Moving may be a time of great disruption in your life, with all the logistical problems it entails. It can also be an occasion for serious legal problems. Homeowners are aware of this and usually have a lawyer to protect their interests when they buy or sell a home. Tenants, for various reasons, do not usually have a lawyer to guide them through the process. This guide is intended to help fill that gap.

The most important thing in moving is to make sure to keep records and preserve evidence, in case legal disputes arise later. This is important, no matter how friendly you may be with your landlord. Even if you get along well with your landlord, there is no harm in following these precautions. If a dispute arises later, you will be glad you did.

Since, as a tenant, you are most likely to move out of one apartment and into another, we will proceed in that order.


After you move out of an apartment, there is, unfortunately, a good chance that you will have a legal dispute with your former landlord. You may have trouble getting back your security deposit because of claims by the landlord that you damaged the apartment. Even if you don't have a security deposit to get back, the landlord may sue you, claiming that you damaged the apartment. The time to protect yourself from these claims is beforeyou move out, while you are still in control of the apartment.

It is helpful, of course, if you have made a good set of records showing the condition of the apartment when you moved in (see instructions below). But whether you have or not, now is the time to make a good record of the condition of the apartment when you leave it.

You are not responsible for leaving behind a completely pristine apartment. A certain amount of reasonable wear and tear is expected. But you should try to leave the apartment in a clean condition, with no serious damage. If you have actually done damage to the apartment, you should repair what you can at your own expense before you leave. You can do the work yourself or hire people to do the job at a reasonable price. If there is something that you can't repair, try, before you leave, to get a written professional estimate of the cost of the repair.

If you leave the repair to your landlord to do after you move out, your landlord may jump at the chance to get the apartment done over completely at your expense. The price and the scope of the work may inflate beyond your wildest imagination!

You don't have to leave the apartment spotless, but you should leave it "broom clean." In these more technological days, that means all debris removed and a good vacuum cleaning when the apartment is completely empty. Defrost and clean the refrigerator and leave it turned off and the door open. Leave the kitchen and bathroom facilities reasonably clean. Even if you've never cleaned the toilet bowl or the bathtub before, do it now. Take all trash out to the sidewalk, to the building s trash receptacles, or to wherever you have been instructed to leave trash. Don't leave anything behind in the apartment unless it was there when you moved in. If you have an agreement with the landlord, or with the next tenants, to leave something behind, put it in writing, with both parties signing.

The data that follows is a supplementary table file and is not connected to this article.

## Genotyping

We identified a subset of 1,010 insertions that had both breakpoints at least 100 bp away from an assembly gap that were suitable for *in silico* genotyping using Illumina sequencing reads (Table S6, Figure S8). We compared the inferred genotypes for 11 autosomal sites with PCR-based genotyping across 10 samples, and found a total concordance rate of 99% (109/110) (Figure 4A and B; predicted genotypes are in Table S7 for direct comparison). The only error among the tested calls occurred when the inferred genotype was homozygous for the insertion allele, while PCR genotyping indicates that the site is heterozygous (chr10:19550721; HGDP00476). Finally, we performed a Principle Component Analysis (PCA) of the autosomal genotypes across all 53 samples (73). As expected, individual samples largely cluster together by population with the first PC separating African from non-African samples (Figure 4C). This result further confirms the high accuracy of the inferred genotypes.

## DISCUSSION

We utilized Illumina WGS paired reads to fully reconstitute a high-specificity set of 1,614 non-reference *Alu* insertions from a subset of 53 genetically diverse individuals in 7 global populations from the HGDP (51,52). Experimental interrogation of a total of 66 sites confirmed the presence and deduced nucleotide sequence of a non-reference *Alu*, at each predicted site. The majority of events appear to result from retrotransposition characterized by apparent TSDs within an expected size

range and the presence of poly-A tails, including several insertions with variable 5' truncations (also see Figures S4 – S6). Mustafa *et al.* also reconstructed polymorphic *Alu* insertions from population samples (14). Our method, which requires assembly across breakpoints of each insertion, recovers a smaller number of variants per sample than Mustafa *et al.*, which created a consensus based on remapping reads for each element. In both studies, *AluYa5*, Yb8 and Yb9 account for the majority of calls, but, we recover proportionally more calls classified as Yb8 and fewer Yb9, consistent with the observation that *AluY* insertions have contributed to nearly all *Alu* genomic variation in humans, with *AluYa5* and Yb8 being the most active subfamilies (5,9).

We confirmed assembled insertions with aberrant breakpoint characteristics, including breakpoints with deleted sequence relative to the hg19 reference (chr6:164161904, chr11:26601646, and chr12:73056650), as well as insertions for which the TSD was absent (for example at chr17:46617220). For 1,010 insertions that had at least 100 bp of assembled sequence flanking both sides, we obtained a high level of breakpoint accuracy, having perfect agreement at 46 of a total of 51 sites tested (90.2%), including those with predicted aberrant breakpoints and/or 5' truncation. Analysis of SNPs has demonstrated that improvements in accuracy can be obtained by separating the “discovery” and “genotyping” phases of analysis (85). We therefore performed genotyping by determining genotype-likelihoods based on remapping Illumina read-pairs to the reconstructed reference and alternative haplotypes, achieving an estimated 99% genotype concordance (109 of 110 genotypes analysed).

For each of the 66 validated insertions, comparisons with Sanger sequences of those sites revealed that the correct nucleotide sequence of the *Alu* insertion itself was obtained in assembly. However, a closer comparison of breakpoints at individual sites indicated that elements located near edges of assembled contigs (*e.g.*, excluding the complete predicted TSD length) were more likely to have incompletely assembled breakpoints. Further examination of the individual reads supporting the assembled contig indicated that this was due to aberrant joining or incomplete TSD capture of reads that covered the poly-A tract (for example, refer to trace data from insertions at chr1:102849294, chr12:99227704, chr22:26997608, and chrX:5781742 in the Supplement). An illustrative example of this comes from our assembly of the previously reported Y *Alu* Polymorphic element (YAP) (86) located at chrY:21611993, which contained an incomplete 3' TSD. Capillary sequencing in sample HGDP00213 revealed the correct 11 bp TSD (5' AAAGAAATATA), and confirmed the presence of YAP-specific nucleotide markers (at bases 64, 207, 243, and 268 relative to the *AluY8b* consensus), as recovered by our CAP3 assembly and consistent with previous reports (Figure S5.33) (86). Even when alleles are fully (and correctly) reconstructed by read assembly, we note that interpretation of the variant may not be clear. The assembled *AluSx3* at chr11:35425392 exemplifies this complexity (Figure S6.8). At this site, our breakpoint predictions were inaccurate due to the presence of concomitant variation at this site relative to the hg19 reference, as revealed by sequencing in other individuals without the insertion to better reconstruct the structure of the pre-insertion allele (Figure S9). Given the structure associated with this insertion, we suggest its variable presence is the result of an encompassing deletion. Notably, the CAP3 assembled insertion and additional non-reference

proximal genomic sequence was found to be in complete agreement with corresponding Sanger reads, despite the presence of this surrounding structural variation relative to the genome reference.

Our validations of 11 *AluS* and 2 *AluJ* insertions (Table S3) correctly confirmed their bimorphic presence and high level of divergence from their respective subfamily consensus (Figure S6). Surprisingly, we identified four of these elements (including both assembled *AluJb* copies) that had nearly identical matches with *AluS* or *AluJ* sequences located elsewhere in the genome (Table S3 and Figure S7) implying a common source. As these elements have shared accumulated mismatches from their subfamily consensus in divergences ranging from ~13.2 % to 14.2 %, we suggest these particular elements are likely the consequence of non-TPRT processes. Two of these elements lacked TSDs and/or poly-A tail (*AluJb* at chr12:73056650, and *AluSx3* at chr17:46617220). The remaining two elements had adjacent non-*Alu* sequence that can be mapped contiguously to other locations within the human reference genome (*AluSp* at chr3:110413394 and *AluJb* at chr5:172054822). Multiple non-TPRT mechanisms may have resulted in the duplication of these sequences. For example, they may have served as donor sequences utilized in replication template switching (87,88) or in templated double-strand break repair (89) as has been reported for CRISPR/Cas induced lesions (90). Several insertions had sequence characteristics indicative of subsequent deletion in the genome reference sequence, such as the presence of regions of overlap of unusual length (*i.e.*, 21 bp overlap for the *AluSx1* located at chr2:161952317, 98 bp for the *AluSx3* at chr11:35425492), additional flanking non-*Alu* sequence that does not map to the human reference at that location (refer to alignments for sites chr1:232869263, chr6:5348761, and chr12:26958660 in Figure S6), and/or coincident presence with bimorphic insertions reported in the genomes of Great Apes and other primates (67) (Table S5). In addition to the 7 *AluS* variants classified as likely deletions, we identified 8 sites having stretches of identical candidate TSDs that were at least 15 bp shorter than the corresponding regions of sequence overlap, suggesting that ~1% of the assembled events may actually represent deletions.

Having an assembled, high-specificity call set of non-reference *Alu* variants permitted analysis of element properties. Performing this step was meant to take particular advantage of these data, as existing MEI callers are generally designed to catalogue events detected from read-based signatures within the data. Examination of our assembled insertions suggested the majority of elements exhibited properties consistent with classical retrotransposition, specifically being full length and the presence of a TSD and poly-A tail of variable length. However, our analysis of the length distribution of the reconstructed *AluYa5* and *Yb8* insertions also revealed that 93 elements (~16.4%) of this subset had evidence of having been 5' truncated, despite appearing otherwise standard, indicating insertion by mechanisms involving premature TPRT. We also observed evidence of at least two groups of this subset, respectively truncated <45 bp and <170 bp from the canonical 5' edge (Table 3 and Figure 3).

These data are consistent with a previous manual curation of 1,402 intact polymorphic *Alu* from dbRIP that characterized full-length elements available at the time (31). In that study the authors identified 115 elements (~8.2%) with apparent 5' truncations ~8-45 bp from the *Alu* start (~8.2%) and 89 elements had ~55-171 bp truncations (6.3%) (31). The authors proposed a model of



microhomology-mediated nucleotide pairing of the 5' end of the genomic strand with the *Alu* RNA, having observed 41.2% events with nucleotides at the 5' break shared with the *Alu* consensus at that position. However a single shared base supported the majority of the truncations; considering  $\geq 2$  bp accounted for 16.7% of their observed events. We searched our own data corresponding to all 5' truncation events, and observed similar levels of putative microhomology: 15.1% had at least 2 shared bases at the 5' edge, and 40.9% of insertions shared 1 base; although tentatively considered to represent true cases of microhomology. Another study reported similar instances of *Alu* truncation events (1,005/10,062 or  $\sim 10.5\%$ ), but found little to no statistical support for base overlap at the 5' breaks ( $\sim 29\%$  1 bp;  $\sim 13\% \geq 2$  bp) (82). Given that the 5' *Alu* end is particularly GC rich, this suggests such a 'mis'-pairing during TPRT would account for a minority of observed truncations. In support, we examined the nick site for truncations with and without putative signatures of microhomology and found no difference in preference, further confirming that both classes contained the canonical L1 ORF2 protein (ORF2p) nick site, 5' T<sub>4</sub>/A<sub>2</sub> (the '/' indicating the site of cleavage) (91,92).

Next, you must preserve a record of the condition in which you left the apartment. Don't do this until you have finished moving out and cleaning the apartment and are about to turn in the keys. Then, do the following:

Bring along a friend who can be available, if necessary, to testify in court. It may be, but doesn't have to be, someone who helped you move out or clean the apartment. Bring along a camera with plenty of film or (if it's a digital camera) plenty of available memory and a copy of that day's newspaper (in Boston, the Herald, with its large headlines, is better for this purpose than the Globe).

Take a good set of pictures of the whole apartment, showing the condition in which you have left it. Have your friend hold the newspaper in the field of each picture, with the front page showing. This will demonstrate that the pictures could not have been taken earlier than the date of the newspaper. Save the front page of the newspaper with your important records.

As soon as you have finished taking the pictures, leave the apartment, turn off all lights, and lock up for the last time. Have your friend watch as you seal all the keys in an envelope. Have your friend come with you as you turn in the keys, leave them at the landlord's office, or mail them to the landlord. Include a brief letter to the landlord stating the date and what keys are enclosed, and keep a copy of the letter. If you have a security deposit, include the address to which you want the deposit returned. If you turn in the keys in person, try to get the landlord or an assistant in the office to sign a copy of the letter as a receipt. If the landlord has instructed you to leave the keys somewhere in the apartment, take a picture of the keys left where instructed, and then lock the door when you leave. If you can t lock the door without the keys, try to avoid agreeing to leave the keys in the apartment.

Make sure that you turn in allthe keys. The whole point is to build a chain of evidence showing the condition of the apartment when you left it for the last time. It should be impossible for anyone to claim that you could have returned to the apartment later.

Even in this modern age, a good set of snapshots serves this purpose much better than videos. In a small-claims hearing, video playback equipment may not be available. Even if it is available, the judge or magistrate will only see a video once, but may look at snapshots several times before coming to a decision. If you want to make a video, make it as a supplement to a good set of snapshots. For similar reasons, slides, which are largely obsolete nowadays anyway, are useful only if you make a good set of prints from the slides.